Inflammatory bowel diseases (IBDs; both ulcerative colitis [UC] and Crohn's colitis [CC]) are well-established predisposing pathological conditions for colorectal cancer (CRC) development. In IBDs, both the endoscopy and the histology assessment of CRC precursors (i.e., dysplasia, also defined as intraepithelial neoplasia) are associated with low interobserver consistency, and no reliable dysplasia-specific biomarker is available. The programmed cell death 4 (PDCD4) tumor suppressor gene is involved in sporadic colorectal oncogenesis, but scanty information is available on its involvement in IBD-associated colorectal oncogenesis. One hundred twenty tissue samples representative of active and inactive IBD and of flat dysplasia were obtained from 30 cases of UC and 30 of CC who undergone colectomy. Twenty additional biopsy samples obtained from patients with irritable bowel syndrome acted as normal controls. PDCD4 expression was assessed by immunohistochemistry; the expression of miR-21 (a major PDCD4 regulator) was investigated by quantitative real-time PCR and in situ hybridization in different series of a hundred samples. Tissue specimens from both controls and inactive IBD consistently featured strong PDCD4 nuclear immunostain; conversely, lower PDCD4 nuclear expression was featured by both active IBD and IBD-associated dysplastic lesions. Significant PDCD4 down-regulation distinguished IBD-associated dysplasia (p < 0.001) versus active IBD. In both active IBD and dysplasia, PDCD4 down-regulation was significantly associated with miR-21 up-regulation. PDCD4 nuclear down-regulation (which parallels miR-21 up-regulation) is involved in the molecular pathway of IBD-associated carcinogenesis. PDCD4 nuclear expression may be usefully applied as ancillary maker in the histological assessment of IBD-associated dysplastic lesions.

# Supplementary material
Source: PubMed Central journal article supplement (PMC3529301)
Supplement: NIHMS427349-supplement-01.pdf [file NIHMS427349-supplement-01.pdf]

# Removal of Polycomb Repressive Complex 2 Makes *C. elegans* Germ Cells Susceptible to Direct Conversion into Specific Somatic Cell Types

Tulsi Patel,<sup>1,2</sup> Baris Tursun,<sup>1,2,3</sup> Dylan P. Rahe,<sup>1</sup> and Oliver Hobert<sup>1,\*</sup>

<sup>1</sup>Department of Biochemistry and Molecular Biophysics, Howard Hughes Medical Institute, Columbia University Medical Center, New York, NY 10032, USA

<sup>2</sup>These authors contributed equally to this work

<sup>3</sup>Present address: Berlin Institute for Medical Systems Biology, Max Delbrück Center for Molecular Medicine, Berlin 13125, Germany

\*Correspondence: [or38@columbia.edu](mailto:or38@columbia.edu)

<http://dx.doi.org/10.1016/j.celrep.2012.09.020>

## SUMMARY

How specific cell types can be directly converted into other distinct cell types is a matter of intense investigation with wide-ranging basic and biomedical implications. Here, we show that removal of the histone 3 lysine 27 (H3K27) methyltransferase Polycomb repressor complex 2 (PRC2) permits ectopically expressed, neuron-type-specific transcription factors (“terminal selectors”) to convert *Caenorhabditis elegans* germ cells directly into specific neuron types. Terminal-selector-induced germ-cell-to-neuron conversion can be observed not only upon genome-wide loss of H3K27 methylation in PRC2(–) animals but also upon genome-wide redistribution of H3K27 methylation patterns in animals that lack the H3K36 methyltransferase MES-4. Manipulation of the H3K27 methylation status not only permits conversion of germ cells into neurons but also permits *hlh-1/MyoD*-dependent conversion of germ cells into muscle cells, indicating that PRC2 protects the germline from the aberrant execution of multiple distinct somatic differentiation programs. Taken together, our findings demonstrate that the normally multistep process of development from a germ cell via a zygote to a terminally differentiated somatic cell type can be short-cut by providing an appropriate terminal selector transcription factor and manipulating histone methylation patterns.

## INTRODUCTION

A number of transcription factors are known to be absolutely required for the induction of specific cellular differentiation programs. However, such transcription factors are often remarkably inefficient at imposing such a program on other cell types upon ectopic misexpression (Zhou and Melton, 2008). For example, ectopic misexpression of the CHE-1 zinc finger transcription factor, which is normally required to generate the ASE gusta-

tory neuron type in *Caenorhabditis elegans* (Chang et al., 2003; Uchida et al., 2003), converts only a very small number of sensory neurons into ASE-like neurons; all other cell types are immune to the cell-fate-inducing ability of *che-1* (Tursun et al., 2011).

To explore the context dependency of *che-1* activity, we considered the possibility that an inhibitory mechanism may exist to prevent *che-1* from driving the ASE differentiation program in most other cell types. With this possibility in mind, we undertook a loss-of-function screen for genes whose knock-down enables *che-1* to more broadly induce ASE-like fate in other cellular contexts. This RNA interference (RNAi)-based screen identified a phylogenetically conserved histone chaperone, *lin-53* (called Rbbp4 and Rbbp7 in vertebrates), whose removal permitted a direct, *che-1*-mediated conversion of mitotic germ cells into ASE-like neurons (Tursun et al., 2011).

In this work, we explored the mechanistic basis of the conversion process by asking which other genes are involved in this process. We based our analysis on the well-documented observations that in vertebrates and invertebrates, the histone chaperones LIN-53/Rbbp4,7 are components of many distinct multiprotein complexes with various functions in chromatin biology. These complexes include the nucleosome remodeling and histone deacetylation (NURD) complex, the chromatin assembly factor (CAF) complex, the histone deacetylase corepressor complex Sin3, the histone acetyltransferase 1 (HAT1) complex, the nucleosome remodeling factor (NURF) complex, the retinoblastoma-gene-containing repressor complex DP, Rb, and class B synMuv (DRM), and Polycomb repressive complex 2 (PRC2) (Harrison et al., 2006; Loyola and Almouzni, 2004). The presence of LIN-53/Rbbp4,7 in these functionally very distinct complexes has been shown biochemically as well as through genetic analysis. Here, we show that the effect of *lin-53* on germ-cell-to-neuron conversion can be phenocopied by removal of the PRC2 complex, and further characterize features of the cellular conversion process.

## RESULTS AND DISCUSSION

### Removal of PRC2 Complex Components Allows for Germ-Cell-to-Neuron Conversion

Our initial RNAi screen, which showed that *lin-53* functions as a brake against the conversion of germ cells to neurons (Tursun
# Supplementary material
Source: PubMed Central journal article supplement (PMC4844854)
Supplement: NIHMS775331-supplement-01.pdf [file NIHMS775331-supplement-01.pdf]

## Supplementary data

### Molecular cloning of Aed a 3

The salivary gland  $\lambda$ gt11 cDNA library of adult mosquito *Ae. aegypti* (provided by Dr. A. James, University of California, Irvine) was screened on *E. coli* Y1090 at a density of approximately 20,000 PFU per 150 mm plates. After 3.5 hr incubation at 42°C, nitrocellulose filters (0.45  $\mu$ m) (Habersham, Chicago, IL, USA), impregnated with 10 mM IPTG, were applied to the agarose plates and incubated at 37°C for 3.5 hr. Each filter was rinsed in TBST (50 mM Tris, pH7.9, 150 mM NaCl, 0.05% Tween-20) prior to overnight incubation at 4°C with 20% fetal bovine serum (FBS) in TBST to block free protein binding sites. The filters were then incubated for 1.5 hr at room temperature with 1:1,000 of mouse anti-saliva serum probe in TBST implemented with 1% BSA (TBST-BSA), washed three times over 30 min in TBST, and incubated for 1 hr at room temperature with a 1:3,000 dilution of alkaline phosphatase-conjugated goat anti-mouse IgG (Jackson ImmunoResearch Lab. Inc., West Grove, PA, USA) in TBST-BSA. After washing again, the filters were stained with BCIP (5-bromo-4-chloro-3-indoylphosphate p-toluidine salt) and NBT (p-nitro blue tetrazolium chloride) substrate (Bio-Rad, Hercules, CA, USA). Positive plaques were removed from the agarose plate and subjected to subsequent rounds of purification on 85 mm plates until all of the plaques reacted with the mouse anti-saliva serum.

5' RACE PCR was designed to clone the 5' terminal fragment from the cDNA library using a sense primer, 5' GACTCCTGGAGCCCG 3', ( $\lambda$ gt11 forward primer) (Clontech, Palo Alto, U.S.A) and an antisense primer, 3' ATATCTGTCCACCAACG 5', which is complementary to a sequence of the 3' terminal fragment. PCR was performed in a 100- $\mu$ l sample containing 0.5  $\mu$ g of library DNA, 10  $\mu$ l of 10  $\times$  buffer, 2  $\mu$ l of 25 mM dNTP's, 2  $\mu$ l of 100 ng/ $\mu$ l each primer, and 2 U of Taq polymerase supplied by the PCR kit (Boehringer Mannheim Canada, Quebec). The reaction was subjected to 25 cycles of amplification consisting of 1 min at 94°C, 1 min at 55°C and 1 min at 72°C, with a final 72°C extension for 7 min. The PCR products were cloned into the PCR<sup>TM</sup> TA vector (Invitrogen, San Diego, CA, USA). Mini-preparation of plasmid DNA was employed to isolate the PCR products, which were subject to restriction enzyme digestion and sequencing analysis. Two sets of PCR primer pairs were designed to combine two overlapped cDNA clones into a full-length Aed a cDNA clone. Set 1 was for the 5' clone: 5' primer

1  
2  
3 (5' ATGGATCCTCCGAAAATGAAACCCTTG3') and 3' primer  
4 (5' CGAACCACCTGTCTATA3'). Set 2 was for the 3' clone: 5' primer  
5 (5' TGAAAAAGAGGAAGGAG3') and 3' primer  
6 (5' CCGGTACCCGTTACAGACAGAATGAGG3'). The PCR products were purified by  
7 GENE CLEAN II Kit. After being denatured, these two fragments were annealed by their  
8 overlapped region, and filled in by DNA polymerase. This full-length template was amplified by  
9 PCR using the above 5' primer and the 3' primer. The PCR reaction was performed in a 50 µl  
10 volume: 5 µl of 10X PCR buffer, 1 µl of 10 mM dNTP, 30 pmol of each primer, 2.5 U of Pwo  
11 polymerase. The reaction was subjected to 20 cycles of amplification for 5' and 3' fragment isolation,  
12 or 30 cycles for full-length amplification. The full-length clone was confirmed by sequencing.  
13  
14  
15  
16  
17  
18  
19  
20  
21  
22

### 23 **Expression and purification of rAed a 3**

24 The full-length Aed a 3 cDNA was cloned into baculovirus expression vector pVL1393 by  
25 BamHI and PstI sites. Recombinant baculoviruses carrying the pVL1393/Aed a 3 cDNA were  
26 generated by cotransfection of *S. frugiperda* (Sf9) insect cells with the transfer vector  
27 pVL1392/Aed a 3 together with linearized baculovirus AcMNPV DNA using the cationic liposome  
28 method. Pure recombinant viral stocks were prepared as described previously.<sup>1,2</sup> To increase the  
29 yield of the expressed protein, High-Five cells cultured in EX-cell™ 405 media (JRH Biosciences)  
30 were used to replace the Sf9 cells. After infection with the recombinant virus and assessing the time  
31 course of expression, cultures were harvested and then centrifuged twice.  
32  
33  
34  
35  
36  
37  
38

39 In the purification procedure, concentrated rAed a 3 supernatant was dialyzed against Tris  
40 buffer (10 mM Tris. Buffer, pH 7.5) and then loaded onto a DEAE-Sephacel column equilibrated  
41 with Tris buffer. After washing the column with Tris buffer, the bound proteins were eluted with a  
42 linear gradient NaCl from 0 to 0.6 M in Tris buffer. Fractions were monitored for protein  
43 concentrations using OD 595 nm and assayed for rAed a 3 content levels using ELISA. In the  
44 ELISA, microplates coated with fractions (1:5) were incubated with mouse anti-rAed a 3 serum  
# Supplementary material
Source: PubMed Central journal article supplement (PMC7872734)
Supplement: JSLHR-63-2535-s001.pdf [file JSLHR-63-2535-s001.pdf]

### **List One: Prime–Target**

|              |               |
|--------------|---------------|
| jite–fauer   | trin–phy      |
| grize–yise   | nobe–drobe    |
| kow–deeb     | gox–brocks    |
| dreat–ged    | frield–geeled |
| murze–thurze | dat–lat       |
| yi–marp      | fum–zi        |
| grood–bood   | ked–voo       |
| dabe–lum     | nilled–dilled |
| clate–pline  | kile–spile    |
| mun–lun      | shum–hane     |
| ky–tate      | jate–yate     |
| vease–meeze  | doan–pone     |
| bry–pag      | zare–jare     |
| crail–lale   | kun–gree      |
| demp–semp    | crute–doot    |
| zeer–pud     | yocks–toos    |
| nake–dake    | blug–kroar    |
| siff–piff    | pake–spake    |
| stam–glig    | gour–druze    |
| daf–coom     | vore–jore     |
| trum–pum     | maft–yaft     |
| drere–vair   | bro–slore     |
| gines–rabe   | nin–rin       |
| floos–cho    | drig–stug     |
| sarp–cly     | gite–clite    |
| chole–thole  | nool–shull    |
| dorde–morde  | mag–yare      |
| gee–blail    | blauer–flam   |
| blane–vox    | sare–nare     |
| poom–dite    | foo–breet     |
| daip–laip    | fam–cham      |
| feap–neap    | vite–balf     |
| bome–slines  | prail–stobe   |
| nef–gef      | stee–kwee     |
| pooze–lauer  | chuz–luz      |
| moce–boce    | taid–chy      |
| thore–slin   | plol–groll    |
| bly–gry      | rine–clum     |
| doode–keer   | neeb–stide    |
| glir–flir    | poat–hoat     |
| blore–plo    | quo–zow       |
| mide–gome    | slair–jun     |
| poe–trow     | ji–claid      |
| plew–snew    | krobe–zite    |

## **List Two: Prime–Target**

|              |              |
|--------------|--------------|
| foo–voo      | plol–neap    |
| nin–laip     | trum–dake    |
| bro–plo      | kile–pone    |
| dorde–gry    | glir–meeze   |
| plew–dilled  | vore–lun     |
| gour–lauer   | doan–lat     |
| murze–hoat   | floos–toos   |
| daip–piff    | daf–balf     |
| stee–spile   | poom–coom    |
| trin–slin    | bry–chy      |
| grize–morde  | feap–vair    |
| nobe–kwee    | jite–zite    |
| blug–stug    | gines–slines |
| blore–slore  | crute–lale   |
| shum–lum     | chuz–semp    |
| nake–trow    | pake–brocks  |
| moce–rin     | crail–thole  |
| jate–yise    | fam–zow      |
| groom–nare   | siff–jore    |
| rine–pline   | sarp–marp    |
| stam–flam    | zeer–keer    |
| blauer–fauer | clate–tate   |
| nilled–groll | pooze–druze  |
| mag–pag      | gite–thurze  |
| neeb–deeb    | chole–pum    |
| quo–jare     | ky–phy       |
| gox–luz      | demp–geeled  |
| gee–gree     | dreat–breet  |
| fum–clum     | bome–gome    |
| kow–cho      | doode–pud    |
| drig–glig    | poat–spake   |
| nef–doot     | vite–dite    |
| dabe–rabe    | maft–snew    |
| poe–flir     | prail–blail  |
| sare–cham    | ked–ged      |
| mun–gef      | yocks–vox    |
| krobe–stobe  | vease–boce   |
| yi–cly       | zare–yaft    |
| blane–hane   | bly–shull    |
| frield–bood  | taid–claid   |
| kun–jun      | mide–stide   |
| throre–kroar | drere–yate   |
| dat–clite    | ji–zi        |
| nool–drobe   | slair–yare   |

PMID: 23224068 [PubMed - indexed for MEDLINE]